What We Know About Allergic Reactions to Vaccines

What We Know About Allergic Reactions to Vaccines

Food allergies play a strong role, but most people with them likely have little to worry about.

When it comes to vaccines, experiencing an allergic reaction isn’t unheard of. In fact, having trouble receiving a vaccine is common enough the Centers for Disease Control and Prevention (CDC) has a full list on its website of reasons why some people should NOT be inoculated. The list includes everything from having a previous allergic reaction to a given vaccine to being pregnant, having a weakened immune system, having a brother or sister with a problematic immune system, suffering from tuberculosis, and more. (The list is really quite lengthy).

Generally speaking, there are two main things to look out for. Basically, if your immune system is somehow compromised you should be cautious. If you are allergic to some of the ingredients used to make a specific vaccine, you should probably double check with a professional before being inoculated, as well.

What ingredients make up the offenders? Here is a general overview, plus a look at coronavirus vaccines and reactions people are having to them. Of course, always talk to your doctor about getting a vaccine if you are unsure about doing so.

Food Allergies and Vaccines

According to an article published in the Journal of the American Osteopathic Association adverse reactions to vaccines are actually common.  Allergic reactions are really quite rare, however. Real anaphylactic reactions to vaccines only happen once in every 1 million doses, experts say.

Severe allergic reactions to vaccines are usually caused by a person having a strong food allergy to a vaccine’s ingredients. Possible allergens come in a variety of forms. In vaccines they can include eggs, yeast, gelatin, casein (dairy protein), chicken protein, and milk. So, if you have a severe allergic reaction to any of these things, you could react to a vaccine containing them as well.

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What food allergens are found where? Flu, rabies, and yellow fever vaccines are grown in chick embryo fibroblast cultures. Consequently, people with egg allergies could potentially react to them, although the risk of this happening is really very low.

Furthermore, pork and beef gelatin can be found in some vaccines as a stabilizer. This can also cause a reaction. Yeast is used in hepatitis B and quadrivalent HPV vaccines, as well as the meningococcal conjugate vaccine Menveo Novartis.  So, if you and yeast do not mix well, this could be an issue.

Last but not least, milk can present a problem. If you are severely allergic to dairy, you could be cautious about taking tetanus vaccines, as well as those for diphtheria, and acellular pertussis (Tdap and DTaP). These are produced in casein, which is a dairy protein.

Is It Really a Problem?

Should you be very worried about being allergic to a vaccine? For most people, the answer to this is a firm, ‘no’. Even if you have a food allergy, it is only very minute traces of potential allergens that end up present in vaccines. While large numbers of people may experience food allergies at some point in their lifetime, very few have such severe reactions that getting vaccines presents a life-threatening situation.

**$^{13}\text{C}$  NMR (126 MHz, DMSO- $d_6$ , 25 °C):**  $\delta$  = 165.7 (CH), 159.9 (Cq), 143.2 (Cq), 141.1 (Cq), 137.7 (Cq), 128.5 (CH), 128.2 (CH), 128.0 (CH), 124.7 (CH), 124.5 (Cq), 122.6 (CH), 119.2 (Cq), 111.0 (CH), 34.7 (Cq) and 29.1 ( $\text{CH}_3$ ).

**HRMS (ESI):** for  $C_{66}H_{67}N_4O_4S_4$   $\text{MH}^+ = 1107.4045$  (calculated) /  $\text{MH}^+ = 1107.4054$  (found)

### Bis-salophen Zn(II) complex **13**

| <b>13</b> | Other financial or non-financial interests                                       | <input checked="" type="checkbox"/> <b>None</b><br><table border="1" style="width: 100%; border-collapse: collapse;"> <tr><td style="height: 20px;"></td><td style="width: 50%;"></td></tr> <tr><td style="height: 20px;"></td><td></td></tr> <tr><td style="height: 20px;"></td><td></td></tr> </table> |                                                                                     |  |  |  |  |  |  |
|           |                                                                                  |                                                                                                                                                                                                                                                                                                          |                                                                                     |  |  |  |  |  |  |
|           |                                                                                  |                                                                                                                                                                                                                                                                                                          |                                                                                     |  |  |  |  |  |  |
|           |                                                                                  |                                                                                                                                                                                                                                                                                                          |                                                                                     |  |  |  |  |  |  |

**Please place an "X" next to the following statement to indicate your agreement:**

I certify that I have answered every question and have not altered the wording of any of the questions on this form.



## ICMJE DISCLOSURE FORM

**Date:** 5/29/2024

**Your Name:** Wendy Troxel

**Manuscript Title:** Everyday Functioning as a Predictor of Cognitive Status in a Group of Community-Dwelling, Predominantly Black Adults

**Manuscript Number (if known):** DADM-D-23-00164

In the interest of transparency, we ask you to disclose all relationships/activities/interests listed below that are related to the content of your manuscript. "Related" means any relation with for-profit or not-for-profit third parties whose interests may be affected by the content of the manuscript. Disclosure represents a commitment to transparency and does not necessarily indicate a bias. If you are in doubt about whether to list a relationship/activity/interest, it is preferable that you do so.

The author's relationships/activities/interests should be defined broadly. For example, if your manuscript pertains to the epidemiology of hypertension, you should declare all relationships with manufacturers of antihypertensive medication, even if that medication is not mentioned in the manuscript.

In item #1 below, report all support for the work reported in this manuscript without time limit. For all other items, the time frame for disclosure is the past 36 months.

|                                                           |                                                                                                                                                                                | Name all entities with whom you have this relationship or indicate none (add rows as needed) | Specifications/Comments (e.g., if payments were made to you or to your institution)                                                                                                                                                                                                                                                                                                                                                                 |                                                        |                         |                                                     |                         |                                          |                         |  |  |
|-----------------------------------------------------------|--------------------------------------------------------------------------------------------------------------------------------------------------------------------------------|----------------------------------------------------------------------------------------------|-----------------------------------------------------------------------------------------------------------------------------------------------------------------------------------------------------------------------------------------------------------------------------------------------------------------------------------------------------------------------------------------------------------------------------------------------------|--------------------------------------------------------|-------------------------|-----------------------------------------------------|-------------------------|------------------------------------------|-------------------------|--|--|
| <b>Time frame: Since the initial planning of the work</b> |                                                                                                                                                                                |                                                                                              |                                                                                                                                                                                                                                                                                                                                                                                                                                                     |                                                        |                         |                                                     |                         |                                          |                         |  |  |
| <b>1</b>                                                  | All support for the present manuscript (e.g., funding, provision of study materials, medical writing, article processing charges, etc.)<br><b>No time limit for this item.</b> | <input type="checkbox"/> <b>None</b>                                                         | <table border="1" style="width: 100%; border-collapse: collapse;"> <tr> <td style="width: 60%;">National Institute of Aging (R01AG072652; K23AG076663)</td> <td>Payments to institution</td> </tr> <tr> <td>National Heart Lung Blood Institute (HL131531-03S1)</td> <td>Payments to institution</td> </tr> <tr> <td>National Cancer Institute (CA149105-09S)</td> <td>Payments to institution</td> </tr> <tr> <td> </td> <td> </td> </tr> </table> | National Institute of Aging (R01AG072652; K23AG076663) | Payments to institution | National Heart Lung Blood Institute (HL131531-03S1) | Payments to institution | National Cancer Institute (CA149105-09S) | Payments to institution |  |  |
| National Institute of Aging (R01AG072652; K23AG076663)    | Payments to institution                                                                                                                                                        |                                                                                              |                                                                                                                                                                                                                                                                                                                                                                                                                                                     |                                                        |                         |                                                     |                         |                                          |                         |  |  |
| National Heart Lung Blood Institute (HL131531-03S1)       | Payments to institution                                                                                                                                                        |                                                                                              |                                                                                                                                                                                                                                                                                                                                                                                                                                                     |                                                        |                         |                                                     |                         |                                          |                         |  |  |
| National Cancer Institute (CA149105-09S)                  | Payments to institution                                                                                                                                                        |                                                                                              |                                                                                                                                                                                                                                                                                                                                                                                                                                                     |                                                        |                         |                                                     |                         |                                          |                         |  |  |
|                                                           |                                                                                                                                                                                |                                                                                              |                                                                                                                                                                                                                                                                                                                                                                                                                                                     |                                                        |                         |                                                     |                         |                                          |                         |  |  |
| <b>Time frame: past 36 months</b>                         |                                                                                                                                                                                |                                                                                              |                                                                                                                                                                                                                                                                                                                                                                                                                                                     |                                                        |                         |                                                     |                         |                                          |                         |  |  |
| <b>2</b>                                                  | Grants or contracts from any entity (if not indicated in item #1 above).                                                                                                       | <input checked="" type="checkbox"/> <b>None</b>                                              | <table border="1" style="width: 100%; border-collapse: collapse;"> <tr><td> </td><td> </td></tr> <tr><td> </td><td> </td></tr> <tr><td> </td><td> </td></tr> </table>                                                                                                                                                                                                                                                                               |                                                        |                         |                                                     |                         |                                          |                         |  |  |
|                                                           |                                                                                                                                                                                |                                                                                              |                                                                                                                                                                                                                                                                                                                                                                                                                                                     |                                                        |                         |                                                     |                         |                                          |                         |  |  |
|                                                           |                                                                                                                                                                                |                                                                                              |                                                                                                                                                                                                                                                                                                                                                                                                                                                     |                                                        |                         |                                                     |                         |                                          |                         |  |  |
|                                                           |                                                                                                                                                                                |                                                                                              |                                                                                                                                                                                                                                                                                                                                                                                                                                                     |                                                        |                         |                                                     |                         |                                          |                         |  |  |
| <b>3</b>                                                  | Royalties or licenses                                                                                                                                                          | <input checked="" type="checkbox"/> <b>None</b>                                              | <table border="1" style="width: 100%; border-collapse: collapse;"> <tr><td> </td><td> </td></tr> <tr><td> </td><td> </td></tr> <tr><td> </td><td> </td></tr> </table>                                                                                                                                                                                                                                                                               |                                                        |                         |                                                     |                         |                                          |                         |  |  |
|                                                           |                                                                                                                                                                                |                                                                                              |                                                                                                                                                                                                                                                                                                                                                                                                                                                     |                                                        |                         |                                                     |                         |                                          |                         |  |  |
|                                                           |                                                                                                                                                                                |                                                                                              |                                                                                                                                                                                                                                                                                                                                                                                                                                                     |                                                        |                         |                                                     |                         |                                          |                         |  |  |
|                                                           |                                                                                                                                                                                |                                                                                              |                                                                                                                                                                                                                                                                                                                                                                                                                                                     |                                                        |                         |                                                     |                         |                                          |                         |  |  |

Experts back this up. Larisa V. Buyantseva, MD and Alexandra Horwitz, MD from the Division of Pulmonary, Allergy and Critical Care, and the Division of Pediatric Allergy and Immunology at the Penn State Milton S. Hershey Medical Center, respectively, argue that many more people can safely receive vaccines than do, if the proper safety precautions are taken.

Reactions to the COVID-19 Vaccine

Unfortunately, some people are having a hard time, however. Some individuals are already reacting to the new COVID-19 vaccines. One of the first documented cases occurred in Dr. Hossein Sadrzadeh. This man is a physician in Boston and he had a severe allergic reaction to Moderna’s COVID-19 vaccine in late December. Sadrzadeh said he has a known severe shellfish allergy, and carries an EpiPen. He experienced dizziness and a racing heartbeat soon after getting the vaccine. He is now fine, and enjoying his immunity but not after a serious scare.

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A personal support worker in Canada has also suffered a severe allergic reaction but is now OK. Deborah Tilli passed out after receiving the vaccine and suffered from seizures. She was taken to hospital and is known to have a severe allergy to bees. Tilli is recovering but needed considerable professional attention.

In light of cases such as these, some health authorities are cautioning people with severe allergies to food or medicine-and perhaps bees- against taking a COVID-19 vaccine.


Some scientists say they feel the polyethylene glycol (PEG) present in both the Pfizer-BioNTech and Moderna vaccines could be triggering problems. This compound has never been in a vaccine before. It has, however, been used in other drugs that have been known to trigger anaphylaxis, or a life-threatening allergic reaction. We will no doubt hear more about this in the coming weeks and months as further research is done into the possible problematic ingredients in the coronavirus vaccines.

The good news is that, thankfully, most of us do not have to worry. The vast majority of people can most likely take the COVID-19 vaccines so far approved for use without reason to fear having any adverse reaction.

As mentioned above, talk to your doctor if you have worries regarding the vaccine.

For a full list of ingredients found in the Pfizer-BioNTech vaccine, check out this information from Canada.

photo credits: BlurryMe/Shutterstock.com

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